The central banks can control things until they can’t.  That’s what history says.  Perhaps something more fundamental has changed since that allows them more complete control than ever, and perhaps we should always have a few of our chips placed on that possibility, but otherwise it’s not different this time and the central banks will once again discover that credit bubbles are really fun on the way up and utterly destructive on the way down.

    We think the next recession has arrived and that it’s going to be a real doozy in terms of creating financial market panic and losses.

    Specifically, you need to watch out for…

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  • Blog
    Getty images

    Is This Downturn A Repeat of 2008?

    Crashes differ, so be cautious about your assumptions
    by charleshughsmith

    Monday, January 7, 2019, 9:50 AM

    16

    Are we in a repeat of the global financial meltdown and recession of 2008-09? The sharp drop in equities is certainly reminiscent of 2008. Indeed, the December decline is the worst in a decade. Or are we entering a different kind of recession, the equivalent of uncharted waters?

    And if we are entering a recession, what can central banks and governments do to ease the financial pain and damage? We can’t be sure of much, but we can be relatively confident central banks and states will respond to the cries to “do something.”  This poses two questions: what actions can central banks/states take, and will those policies work or will they backfire and make the recession worse?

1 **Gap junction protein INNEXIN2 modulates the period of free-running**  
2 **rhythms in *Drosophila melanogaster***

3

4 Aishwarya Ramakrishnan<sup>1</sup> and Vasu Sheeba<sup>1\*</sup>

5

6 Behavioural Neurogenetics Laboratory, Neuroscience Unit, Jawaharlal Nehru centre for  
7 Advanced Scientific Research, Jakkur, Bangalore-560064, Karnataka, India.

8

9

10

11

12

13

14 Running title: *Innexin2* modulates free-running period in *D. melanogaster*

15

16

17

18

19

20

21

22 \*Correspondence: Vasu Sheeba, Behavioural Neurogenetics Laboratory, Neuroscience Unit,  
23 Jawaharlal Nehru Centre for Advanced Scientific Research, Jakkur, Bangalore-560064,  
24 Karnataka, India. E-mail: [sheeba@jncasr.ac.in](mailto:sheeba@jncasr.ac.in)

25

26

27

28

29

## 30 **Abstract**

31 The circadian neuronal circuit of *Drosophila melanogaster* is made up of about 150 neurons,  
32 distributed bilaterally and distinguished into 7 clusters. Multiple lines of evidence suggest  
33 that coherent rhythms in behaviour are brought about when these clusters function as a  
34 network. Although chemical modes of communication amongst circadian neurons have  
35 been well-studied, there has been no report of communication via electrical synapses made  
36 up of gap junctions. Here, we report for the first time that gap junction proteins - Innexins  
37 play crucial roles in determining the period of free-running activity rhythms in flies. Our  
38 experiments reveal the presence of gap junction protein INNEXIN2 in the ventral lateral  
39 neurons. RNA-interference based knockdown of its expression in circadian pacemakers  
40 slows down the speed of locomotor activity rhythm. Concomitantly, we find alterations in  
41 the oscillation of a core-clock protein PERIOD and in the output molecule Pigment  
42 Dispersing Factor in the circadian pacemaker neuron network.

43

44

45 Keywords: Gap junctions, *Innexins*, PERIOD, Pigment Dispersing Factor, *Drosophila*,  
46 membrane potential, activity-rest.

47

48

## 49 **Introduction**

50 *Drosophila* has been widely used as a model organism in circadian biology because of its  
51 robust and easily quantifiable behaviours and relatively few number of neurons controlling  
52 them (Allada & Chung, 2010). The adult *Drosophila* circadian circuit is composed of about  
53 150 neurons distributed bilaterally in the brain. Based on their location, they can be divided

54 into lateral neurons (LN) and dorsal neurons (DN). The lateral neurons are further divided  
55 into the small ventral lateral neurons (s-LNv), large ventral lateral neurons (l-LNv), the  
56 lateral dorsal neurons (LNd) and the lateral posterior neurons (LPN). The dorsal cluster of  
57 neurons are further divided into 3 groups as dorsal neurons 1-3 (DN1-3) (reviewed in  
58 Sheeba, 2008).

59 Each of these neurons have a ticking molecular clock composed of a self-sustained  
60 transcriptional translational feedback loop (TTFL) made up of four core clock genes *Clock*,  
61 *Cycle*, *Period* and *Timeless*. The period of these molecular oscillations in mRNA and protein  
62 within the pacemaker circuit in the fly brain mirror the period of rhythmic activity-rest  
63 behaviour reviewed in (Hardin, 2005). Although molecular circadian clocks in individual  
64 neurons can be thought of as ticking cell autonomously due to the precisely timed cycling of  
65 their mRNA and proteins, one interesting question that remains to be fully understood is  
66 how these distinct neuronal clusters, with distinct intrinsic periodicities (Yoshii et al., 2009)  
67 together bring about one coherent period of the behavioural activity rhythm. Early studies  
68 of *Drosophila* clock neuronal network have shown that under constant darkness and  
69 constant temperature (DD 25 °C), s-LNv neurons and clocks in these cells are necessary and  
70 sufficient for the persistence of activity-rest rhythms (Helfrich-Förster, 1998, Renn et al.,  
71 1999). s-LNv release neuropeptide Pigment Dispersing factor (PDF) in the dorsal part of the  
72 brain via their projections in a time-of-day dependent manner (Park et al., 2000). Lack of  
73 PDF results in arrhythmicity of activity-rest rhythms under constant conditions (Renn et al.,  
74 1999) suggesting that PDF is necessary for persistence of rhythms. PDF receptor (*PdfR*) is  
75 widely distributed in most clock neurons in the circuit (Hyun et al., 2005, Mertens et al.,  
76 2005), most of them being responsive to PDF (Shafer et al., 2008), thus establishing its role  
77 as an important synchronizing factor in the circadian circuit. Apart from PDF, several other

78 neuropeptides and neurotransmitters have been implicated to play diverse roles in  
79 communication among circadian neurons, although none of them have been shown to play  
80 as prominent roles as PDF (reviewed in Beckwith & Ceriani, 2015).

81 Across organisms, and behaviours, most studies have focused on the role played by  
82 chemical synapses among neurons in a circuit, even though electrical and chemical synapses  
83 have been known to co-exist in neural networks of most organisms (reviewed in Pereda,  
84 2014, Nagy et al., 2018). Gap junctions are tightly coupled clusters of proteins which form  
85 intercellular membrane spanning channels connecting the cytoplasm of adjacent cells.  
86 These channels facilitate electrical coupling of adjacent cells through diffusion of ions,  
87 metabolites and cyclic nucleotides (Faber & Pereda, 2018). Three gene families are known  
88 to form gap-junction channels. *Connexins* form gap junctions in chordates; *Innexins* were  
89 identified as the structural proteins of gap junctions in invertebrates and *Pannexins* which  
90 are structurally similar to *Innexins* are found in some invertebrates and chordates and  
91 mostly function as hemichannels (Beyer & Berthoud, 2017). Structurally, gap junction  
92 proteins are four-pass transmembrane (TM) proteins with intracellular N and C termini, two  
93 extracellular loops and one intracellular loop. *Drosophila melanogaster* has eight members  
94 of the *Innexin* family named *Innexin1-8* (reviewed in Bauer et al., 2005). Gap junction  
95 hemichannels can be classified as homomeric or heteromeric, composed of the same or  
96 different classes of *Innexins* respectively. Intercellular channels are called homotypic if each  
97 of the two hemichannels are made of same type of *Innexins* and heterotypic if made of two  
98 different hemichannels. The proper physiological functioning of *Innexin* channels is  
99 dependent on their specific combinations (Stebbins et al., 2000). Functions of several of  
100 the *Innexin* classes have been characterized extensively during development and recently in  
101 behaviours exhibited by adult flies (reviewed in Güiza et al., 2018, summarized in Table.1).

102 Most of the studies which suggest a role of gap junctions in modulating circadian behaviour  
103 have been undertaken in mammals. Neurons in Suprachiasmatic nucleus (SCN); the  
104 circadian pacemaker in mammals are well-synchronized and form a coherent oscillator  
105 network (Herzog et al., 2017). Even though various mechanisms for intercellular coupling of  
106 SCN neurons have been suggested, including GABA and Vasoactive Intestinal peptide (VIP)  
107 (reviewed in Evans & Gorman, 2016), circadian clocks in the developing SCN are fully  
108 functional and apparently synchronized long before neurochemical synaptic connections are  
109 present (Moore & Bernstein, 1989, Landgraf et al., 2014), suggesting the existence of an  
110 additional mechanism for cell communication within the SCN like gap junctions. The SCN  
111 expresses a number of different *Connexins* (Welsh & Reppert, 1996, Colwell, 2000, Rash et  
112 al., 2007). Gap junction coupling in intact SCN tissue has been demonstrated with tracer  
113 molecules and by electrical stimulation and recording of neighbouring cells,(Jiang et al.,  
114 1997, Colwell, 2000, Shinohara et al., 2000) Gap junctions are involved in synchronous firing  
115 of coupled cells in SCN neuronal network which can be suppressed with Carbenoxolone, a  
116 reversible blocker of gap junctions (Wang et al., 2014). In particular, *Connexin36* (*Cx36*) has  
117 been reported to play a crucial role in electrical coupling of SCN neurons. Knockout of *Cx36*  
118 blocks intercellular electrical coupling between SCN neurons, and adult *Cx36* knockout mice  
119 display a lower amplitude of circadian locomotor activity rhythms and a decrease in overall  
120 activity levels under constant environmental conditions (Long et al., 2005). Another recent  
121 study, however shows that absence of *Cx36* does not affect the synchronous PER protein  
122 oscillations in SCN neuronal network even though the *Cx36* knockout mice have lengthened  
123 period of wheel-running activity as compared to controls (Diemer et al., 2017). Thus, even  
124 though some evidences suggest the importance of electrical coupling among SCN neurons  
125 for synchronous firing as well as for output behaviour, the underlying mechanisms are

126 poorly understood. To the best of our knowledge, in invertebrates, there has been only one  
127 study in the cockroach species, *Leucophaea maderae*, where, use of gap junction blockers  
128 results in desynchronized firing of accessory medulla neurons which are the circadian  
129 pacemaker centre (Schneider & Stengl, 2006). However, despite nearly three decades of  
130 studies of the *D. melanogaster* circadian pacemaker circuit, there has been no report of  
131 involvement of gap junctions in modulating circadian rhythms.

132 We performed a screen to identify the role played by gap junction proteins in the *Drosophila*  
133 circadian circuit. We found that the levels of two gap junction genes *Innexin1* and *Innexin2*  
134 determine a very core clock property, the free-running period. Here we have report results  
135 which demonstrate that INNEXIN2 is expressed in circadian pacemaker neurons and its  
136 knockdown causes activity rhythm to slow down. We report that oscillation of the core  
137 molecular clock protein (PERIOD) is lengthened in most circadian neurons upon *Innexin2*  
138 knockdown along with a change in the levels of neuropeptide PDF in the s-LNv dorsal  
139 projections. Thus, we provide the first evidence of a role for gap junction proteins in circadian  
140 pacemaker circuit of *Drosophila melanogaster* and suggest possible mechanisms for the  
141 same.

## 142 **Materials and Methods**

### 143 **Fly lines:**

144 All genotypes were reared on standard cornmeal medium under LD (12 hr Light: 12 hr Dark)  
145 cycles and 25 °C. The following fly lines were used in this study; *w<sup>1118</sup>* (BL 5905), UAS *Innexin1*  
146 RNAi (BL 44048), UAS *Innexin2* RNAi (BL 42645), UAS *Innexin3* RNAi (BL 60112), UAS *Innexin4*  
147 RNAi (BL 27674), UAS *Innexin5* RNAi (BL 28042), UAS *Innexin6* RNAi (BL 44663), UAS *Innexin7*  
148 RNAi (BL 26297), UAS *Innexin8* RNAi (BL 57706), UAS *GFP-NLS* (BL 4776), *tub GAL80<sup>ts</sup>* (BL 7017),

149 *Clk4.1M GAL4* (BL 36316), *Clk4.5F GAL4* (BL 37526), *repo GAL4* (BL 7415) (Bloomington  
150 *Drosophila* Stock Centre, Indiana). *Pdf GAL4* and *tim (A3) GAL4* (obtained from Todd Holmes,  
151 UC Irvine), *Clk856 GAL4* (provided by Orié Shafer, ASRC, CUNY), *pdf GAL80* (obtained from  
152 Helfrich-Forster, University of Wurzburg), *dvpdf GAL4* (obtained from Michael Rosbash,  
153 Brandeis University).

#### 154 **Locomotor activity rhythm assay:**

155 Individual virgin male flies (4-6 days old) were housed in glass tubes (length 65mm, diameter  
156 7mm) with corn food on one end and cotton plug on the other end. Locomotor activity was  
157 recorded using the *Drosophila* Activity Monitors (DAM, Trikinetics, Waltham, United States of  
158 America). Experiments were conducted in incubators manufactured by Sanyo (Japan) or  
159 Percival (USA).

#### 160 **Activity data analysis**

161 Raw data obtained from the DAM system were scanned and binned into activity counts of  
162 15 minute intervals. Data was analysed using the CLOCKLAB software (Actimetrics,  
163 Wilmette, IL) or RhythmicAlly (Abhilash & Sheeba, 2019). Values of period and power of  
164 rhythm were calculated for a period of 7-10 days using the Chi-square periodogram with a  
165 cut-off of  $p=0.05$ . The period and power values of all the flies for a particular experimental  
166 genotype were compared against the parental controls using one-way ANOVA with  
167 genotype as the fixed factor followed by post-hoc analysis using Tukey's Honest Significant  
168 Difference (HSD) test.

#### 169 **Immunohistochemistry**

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  • Insider

    The 8 Systemic Failure Points Of The Global Economy

    The macroeconomic fault lines to monitor closely
    by charleshughsmith

    Friday, January 4, 2019, 7:06 PM

    22

    Executive Summary

    • The 8 Systemic Failure Points Of The Global Economy
    • Why The US May Weather The Next Collapse Better Than The Rest Of The World
    • The Fed's Long Game
    • Why Allowing Recession Now May Be A Policy Goal

    If you have not yet read Part 1: Is This Downturn a Repeat of 2008?, available free to all readers, please click here to read it first.

    In Part 1, we concluded the current global downturn isn’t a repeat of the 2008 global crisis; rather, it has characteristics of three types of recession: liquidity/currency mismatches, the popping of credit-asset bubbles and a business-cycle exhaustion of credit impulse, what I call a credit-demand exhaustion.

    Let’s add a potential fourth recessionary impulse: energy. Right now the world’s oil importers are feasting on a 40% decline in the cost of oil, but as Chris and other analysts (Gail Tverberg, Richard Heinberg, and Nate Hagens) have explained, we’re approaching a point where the cost of extracting, processing and distributing oil is rising as the cheap oil has been consumed.  Producers need high prices or they will stop producing. But consumers, the vast majority of whom have stagnant incomes, can’t afford high energy costs.  Beyond a rather low price point, higher energy costs trigger a recession.

    This may not be driving the current downturn, but it looms large in the background.  I see the current collapse in oil prices as a head-fake: the sharp drop makes it appear oil is abundant, but this abundance is temporary, not permanent.

    Moreover, we aren’t privy to the opinions and machinations within the world’s major central banks, but it’s clear that the U.S. Federal Reserve is diverging from other central banks, which remain accommodative while the Fed raises rates and reduces its balance sheet by $30 billion a month.

    Of the four primary central banks—the European Central Bank, the Bank of Japan, the Bank of China and the Fed—why is the Fed the one bank diverging from the other three, despite the appeals of the ECB to remain accommodative?